India has an unmatched capacity to look an opportunity firmly in the eye, turn around, and walk off resolutely in the opposite direction. The latest manifestation of this genius gift is the decision to reject the Regional Comprehensive Economic Partnership (RCEP) despite 29 rounds of negotiations and scores of ministerial meetings and intersessional dialogues. According to my Crawford School colleagues Peter Drysdale and Adam Triggs: "In signing RCEP, Asia has chosen openness over protectionism, regionalism over nationalism, cooperation over confrontation, and solidarity over suspicion." By implication, India has chosen nationalism, protectionism and suspicion.

Meeting in Bangkok on Nov. 4, 15 Asia-Pacific countries decided to sign RCEP next year. Boasts of a 142-cm chest notwithstanding, come crunch time, courage failed Prime Minister Narendra Modi. Once again India shows interest in a multilateral deal in the abstract, but rejects the package actually negotiated by all others. While they found common ground through mutual accommodation, India seems congenitally prone to giving less and taking more.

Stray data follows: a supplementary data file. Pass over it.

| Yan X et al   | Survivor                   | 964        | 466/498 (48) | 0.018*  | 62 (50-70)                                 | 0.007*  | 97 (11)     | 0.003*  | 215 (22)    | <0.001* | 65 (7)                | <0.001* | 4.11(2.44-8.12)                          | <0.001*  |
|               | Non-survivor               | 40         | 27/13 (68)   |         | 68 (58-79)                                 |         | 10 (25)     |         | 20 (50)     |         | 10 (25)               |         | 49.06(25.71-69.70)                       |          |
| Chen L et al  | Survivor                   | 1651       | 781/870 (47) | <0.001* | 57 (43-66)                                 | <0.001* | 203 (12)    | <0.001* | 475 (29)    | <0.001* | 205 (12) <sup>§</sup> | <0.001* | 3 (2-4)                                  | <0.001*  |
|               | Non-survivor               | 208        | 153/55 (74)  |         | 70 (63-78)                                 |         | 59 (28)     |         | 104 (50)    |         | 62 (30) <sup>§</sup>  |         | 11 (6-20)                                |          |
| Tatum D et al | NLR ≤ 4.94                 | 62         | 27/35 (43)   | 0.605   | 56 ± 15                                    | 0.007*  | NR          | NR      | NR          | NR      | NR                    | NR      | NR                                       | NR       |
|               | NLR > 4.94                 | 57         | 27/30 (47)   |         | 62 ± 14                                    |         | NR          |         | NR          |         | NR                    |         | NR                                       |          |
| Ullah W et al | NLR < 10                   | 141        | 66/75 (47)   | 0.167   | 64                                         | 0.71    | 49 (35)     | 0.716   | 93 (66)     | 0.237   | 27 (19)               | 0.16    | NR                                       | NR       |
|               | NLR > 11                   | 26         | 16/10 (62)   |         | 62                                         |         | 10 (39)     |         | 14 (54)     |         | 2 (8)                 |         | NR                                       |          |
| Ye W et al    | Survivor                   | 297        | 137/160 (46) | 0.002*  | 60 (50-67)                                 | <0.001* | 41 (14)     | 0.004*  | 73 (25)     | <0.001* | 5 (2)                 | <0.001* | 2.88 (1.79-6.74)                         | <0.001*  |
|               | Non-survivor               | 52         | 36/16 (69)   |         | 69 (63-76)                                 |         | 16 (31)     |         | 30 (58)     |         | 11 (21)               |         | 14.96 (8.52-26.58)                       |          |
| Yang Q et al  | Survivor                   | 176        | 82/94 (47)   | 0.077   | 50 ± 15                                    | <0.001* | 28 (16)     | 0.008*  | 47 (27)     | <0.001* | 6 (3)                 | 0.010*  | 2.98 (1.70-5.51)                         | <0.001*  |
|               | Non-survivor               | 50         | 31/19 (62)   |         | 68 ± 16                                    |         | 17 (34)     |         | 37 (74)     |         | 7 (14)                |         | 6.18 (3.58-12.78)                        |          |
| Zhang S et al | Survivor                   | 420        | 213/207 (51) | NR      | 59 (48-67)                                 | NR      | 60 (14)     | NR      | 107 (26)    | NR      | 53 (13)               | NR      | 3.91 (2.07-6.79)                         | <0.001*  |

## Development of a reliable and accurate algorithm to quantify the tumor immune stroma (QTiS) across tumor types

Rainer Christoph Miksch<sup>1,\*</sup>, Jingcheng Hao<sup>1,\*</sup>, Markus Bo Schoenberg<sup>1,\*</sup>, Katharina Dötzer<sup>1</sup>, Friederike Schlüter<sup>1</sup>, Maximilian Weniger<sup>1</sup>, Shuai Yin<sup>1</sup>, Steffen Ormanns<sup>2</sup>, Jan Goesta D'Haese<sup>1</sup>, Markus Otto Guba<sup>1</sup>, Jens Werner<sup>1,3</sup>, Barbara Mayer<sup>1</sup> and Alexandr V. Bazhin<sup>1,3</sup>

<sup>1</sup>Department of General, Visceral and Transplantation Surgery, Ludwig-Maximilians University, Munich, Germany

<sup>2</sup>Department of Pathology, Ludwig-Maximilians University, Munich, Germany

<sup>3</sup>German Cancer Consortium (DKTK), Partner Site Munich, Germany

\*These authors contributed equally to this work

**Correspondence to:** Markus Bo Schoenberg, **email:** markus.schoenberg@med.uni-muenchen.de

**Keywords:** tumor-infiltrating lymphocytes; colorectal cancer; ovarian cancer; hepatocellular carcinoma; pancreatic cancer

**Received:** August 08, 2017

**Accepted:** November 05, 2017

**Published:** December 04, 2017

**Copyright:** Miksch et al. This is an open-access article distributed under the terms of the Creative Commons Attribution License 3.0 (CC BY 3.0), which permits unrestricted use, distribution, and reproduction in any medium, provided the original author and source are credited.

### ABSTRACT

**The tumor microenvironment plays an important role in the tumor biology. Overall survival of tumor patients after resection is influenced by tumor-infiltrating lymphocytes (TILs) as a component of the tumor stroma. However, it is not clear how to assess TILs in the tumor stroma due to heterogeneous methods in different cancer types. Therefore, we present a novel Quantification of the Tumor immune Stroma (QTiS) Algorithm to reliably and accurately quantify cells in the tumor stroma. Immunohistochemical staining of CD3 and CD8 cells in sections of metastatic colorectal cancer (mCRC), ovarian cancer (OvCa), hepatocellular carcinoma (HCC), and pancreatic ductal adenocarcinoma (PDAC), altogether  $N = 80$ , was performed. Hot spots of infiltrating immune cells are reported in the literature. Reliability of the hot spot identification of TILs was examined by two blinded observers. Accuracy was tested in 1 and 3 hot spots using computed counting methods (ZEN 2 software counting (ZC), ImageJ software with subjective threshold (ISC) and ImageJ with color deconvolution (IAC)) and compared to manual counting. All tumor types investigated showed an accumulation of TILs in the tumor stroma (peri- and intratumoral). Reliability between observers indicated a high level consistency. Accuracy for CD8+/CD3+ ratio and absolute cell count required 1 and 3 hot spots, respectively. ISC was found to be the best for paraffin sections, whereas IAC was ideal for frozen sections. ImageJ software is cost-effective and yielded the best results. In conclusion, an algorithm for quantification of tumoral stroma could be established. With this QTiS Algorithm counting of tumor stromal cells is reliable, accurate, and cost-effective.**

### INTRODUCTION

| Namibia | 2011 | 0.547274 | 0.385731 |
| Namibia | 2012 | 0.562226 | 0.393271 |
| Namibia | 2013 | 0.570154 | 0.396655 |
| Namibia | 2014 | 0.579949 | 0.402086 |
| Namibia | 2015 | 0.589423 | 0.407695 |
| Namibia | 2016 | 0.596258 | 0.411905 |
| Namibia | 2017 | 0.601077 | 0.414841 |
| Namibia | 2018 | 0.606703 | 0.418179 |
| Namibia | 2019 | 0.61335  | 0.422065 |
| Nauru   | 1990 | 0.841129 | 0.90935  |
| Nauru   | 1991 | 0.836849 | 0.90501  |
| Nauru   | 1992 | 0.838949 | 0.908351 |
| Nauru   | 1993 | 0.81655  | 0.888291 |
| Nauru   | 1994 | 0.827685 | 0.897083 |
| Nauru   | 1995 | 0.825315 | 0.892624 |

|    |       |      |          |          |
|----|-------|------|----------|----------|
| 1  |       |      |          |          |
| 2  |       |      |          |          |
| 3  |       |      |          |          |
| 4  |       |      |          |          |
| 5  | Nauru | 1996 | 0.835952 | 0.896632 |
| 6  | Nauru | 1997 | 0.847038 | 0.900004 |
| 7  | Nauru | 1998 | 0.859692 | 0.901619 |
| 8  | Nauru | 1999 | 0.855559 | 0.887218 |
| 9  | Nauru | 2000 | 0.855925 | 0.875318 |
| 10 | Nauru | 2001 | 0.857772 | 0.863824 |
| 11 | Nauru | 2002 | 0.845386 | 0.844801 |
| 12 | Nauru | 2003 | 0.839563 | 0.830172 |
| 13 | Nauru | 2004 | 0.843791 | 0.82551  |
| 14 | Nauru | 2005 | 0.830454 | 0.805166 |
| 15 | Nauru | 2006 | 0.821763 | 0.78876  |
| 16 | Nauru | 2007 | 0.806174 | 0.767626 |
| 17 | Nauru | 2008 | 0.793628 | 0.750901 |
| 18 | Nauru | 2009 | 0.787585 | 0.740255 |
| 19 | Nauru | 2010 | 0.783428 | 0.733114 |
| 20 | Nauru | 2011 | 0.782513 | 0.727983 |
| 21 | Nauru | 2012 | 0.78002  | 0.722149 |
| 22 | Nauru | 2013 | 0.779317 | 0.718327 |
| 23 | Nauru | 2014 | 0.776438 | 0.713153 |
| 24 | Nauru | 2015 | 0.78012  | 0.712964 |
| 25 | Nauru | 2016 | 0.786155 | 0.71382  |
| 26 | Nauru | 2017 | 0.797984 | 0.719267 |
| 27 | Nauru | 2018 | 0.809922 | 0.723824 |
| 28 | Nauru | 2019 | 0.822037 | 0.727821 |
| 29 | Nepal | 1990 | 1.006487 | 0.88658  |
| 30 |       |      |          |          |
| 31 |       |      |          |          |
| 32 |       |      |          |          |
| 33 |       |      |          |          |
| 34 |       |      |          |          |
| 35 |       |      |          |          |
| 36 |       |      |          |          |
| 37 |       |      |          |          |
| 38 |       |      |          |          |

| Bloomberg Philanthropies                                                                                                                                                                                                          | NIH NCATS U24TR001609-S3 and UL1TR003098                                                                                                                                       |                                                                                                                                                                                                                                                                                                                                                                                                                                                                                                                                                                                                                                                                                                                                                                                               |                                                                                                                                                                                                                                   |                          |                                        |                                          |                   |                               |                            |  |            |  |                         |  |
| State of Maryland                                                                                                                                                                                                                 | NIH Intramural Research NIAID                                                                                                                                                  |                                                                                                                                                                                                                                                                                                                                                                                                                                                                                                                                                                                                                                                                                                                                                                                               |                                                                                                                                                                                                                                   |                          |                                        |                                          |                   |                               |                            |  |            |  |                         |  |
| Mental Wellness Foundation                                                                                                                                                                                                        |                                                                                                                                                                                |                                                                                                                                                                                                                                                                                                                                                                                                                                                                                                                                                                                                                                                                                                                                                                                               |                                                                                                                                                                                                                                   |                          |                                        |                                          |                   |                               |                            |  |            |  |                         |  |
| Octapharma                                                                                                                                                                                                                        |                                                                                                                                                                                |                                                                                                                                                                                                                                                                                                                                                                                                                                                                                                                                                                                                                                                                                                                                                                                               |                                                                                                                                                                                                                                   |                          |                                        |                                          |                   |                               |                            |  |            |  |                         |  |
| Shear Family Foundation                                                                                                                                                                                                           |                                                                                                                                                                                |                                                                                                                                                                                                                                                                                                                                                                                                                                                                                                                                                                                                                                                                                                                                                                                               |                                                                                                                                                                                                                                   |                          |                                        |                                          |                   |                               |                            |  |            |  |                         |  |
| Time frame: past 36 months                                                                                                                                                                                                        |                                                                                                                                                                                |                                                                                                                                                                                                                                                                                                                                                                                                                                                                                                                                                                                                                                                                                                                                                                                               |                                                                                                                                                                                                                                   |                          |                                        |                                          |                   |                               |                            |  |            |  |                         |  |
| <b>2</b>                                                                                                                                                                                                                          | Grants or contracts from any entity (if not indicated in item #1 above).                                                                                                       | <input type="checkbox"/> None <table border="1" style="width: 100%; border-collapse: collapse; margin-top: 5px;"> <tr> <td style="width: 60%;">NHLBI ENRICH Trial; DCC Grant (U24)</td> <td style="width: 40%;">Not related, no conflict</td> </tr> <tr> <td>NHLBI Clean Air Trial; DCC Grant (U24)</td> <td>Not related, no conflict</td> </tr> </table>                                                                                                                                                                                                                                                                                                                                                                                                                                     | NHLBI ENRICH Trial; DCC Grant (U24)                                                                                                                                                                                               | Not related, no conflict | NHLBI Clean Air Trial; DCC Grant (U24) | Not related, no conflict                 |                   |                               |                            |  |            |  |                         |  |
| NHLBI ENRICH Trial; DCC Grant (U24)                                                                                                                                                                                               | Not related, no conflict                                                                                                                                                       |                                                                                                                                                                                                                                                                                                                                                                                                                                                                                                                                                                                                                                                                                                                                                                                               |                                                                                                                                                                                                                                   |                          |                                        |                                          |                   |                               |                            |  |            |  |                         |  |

India's defection robs RCEP of the initial ambition to be bigger than the North America Free Trade Agreement and the European Union, but is not fatal to the project. A major new plank in the Indo-Pacific economic architecture, RCEP will implement an integrated, single set of trade rules and value chains for the whole region minus India. Amid rising protectionist pressures fueled by anti-globalization sentiment, it should help to offset the declining salience of international institutions like the WTO.